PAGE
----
'Flying fish' cause major problems for fishermen, ecosystem - WMC Action News 5 - Memphis, Tennessee

'Flying fish' cause major problems for fishermen, ecosystem

(WMC-TV) - Mid-South fishermen are asking for help as a specific type of fish seems to be starving other fish in the Mississippi River. They say it is causing a major problem.

Asian Carp, also known as flying fish, are not indigenous to this country, but they have been plaguing the Mississippi River for decades. Now, the state is exploring new ways to fight back.

James Patterson is a longtime fisherman on the river. He has encountered his fair share of Asian Carp.

"I had 13 of them in the boat before I could even cut the engine off. They were like five to 10 pounds apiece," he said.

State wildlife officials describe the fish as a problem that has only gotten worse over the years because the filter-feeders disrupt the ecosystem.

"They are starving our primary forage fish out of existence on the river," said Patterson. "The population of Shad has declined drastically over the past 10 to 15 years."

Patterson continued, "Bass, Brim, Crappy, White Bass, that's in the river. They forage on Shad. Well, since the Shad are not there, those fish have declined greatly."

The state is discussing relaxing regulations for commercial fisherman to give them more leeway when catching Asian Carp, including using larger gill nets. State Wildlife and Resource officials say some sport fisherman are opposed to the changes.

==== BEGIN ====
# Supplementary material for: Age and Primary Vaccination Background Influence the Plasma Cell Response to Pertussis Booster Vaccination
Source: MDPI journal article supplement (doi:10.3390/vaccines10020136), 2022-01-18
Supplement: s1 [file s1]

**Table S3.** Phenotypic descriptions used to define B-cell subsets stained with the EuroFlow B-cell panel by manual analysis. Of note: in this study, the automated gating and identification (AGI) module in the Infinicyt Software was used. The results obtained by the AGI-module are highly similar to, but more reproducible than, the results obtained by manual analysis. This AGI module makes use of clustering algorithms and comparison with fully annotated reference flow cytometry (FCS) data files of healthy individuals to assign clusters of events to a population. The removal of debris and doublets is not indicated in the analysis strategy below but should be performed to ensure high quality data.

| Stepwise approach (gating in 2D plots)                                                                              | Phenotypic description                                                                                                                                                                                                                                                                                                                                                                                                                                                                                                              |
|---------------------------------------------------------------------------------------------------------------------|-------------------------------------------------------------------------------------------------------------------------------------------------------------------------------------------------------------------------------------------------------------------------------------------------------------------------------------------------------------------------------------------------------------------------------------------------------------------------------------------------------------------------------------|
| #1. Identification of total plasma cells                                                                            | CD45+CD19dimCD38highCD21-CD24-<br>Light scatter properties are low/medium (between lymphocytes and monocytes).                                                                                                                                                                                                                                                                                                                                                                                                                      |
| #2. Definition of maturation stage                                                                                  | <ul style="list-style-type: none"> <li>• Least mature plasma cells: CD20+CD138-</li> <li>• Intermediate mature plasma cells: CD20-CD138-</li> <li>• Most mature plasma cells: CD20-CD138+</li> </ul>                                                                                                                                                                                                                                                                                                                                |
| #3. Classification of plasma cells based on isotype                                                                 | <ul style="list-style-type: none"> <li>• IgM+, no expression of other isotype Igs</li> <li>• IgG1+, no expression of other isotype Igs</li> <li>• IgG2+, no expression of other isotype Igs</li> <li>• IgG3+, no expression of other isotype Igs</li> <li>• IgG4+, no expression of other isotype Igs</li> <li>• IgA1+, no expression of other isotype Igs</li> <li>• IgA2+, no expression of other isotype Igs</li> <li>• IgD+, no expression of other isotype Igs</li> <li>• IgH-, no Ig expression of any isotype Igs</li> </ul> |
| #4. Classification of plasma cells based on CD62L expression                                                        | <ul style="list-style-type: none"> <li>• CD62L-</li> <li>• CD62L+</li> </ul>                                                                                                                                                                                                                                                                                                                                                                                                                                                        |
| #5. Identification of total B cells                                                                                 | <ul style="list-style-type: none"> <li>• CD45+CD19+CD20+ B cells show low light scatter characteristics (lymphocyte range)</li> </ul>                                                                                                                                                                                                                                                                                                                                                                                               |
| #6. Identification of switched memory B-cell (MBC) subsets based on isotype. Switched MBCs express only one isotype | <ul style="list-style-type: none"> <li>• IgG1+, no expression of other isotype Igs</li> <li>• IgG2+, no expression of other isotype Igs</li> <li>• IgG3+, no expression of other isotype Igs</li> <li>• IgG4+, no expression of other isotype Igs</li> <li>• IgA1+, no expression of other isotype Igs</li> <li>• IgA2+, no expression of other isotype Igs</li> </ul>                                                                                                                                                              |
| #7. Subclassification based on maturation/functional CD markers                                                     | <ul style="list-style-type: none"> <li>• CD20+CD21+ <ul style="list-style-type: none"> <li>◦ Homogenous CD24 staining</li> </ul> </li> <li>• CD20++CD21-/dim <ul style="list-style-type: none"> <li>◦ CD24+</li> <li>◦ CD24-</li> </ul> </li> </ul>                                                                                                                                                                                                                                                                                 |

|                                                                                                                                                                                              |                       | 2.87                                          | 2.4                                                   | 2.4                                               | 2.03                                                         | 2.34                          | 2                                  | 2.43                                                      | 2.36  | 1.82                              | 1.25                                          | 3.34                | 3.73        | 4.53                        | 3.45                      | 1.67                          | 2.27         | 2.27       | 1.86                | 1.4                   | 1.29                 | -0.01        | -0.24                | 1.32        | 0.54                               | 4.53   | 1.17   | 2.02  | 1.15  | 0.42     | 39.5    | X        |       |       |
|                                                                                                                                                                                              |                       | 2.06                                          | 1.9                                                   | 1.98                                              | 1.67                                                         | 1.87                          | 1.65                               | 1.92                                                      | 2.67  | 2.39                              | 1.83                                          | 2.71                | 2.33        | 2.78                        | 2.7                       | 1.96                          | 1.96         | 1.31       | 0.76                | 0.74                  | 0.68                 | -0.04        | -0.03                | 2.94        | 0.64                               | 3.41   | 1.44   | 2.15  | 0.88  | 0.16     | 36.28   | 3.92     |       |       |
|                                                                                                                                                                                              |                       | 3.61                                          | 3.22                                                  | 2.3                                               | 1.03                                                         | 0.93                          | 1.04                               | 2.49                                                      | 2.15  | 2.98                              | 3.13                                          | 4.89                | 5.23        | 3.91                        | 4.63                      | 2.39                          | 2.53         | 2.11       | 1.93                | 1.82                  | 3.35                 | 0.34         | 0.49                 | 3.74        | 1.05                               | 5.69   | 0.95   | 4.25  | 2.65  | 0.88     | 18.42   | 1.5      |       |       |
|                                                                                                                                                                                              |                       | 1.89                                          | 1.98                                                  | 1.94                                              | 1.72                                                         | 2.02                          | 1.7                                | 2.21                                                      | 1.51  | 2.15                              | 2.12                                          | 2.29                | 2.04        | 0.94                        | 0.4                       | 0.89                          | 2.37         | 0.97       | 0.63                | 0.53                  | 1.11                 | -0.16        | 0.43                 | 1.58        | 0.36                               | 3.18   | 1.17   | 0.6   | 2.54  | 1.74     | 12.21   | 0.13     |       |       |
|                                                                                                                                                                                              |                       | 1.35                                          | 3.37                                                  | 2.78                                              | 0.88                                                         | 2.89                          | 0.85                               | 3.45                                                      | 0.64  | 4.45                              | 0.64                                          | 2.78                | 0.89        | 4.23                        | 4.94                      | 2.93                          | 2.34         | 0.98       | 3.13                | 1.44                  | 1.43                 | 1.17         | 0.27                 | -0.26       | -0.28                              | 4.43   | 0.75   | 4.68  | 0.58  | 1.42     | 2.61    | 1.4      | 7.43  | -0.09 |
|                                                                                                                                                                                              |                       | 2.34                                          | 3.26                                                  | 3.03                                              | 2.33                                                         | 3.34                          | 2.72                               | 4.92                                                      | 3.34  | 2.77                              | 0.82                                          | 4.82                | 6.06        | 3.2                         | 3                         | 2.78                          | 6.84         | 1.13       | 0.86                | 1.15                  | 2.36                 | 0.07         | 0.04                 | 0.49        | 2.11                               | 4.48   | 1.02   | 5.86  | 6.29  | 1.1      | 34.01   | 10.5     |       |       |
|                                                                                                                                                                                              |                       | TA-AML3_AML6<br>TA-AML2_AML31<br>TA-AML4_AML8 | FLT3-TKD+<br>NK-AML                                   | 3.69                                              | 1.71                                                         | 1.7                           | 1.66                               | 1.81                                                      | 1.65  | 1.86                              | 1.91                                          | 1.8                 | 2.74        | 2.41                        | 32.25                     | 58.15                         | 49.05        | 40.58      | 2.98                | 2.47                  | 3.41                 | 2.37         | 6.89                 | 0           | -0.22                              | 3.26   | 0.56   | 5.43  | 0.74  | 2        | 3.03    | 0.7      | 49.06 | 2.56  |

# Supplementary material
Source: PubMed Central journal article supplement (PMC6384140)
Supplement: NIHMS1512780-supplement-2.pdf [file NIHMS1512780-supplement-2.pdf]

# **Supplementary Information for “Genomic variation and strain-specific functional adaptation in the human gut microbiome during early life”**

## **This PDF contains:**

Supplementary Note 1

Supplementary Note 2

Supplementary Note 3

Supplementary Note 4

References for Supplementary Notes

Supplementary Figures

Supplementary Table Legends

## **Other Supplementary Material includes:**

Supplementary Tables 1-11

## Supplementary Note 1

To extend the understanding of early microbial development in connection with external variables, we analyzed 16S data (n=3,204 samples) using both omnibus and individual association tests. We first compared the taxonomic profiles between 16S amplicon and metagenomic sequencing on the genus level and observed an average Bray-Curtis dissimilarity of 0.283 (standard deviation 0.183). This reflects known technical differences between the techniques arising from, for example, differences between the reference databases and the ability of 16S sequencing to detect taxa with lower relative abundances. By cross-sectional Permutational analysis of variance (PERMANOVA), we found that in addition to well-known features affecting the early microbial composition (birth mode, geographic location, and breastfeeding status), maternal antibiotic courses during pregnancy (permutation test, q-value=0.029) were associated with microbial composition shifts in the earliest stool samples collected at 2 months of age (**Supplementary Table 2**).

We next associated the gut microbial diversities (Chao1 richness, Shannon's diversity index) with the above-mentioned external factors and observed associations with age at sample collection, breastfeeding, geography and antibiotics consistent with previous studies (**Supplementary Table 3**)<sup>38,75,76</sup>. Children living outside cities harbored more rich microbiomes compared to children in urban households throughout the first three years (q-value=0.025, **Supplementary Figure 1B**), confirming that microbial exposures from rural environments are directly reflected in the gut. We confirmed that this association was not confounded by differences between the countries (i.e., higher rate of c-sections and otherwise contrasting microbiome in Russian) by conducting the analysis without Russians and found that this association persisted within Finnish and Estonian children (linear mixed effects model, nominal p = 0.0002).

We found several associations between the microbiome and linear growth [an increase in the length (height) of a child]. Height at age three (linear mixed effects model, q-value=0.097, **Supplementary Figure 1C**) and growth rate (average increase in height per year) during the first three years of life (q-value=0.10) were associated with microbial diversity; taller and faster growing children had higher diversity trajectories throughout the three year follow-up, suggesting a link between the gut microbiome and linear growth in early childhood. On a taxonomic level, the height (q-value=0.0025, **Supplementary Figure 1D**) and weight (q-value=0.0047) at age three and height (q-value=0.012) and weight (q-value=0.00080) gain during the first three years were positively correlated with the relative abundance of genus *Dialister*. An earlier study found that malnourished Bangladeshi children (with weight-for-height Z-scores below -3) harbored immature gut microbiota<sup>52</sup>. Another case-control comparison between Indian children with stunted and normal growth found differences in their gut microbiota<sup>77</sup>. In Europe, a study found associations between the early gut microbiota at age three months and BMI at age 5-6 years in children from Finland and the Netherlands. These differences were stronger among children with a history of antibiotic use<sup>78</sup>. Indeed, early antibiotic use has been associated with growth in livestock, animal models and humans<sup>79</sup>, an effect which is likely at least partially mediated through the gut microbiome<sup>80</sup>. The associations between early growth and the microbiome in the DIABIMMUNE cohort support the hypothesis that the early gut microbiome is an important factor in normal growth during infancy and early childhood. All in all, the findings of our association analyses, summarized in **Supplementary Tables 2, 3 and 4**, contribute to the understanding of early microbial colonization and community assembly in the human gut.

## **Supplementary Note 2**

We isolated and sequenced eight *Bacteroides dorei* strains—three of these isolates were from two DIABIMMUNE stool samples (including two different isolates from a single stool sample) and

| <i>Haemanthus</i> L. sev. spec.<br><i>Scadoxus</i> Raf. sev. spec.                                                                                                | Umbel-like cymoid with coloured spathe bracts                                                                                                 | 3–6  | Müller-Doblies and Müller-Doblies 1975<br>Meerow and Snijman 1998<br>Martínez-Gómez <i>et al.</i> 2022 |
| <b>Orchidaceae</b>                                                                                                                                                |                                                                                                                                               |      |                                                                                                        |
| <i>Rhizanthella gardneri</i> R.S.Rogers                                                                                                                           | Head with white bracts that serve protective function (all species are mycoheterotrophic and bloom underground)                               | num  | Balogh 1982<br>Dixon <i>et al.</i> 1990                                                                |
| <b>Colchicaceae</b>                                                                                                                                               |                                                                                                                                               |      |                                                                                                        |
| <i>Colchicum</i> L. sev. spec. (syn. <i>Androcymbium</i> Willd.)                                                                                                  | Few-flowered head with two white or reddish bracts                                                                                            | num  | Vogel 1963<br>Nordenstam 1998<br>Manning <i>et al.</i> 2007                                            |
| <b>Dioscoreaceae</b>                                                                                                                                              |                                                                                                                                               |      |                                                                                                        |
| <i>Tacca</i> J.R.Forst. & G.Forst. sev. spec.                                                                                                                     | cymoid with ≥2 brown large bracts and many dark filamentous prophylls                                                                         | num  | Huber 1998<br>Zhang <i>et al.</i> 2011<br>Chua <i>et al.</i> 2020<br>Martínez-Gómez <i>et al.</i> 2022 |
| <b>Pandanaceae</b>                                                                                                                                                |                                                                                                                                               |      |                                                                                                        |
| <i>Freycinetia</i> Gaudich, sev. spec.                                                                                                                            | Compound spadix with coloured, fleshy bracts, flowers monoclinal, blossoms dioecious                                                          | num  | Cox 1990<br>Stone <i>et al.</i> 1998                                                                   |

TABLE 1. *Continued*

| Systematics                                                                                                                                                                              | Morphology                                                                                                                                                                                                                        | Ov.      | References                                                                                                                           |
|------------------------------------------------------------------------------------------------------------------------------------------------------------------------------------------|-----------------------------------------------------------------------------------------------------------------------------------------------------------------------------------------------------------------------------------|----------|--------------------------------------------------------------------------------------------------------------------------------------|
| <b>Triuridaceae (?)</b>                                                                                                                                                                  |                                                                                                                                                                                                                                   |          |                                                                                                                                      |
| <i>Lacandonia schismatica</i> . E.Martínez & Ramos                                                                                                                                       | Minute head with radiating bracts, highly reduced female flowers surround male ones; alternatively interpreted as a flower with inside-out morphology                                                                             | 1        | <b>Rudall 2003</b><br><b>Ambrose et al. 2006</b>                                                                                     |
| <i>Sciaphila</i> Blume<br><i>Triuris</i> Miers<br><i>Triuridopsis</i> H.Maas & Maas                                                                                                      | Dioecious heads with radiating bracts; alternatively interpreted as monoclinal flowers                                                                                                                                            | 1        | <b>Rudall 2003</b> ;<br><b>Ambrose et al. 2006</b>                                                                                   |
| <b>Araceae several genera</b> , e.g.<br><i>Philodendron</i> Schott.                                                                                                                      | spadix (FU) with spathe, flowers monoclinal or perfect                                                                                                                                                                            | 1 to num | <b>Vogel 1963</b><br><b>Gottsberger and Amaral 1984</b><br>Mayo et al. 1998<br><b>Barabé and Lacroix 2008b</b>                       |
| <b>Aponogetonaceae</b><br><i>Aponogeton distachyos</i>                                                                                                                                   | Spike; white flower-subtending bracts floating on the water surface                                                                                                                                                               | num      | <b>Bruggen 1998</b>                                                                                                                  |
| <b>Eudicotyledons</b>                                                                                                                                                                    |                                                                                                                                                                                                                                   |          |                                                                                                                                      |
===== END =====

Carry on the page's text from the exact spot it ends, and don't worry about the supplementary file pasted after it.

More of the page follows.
"That right now this commercial fisherman is catching carp is the only way that we can see in the foreseeable future to manage and control carp. And if something is not done to fend them out and control their numbers then the sport fish are definitely going to be affected and they may not have the fishery like they're used to having," said Bobby Wilson, Tennessee Wildlife Resource Agency (TWRA).

Jumping carp. Flying fish. It is an old problem, for which the state is exploring new solutions.

TWRA officials will be in West Tennessee to discuss the matter with local fishermen and biologists.

If the regulations do pass, it will take months before they go into effect.

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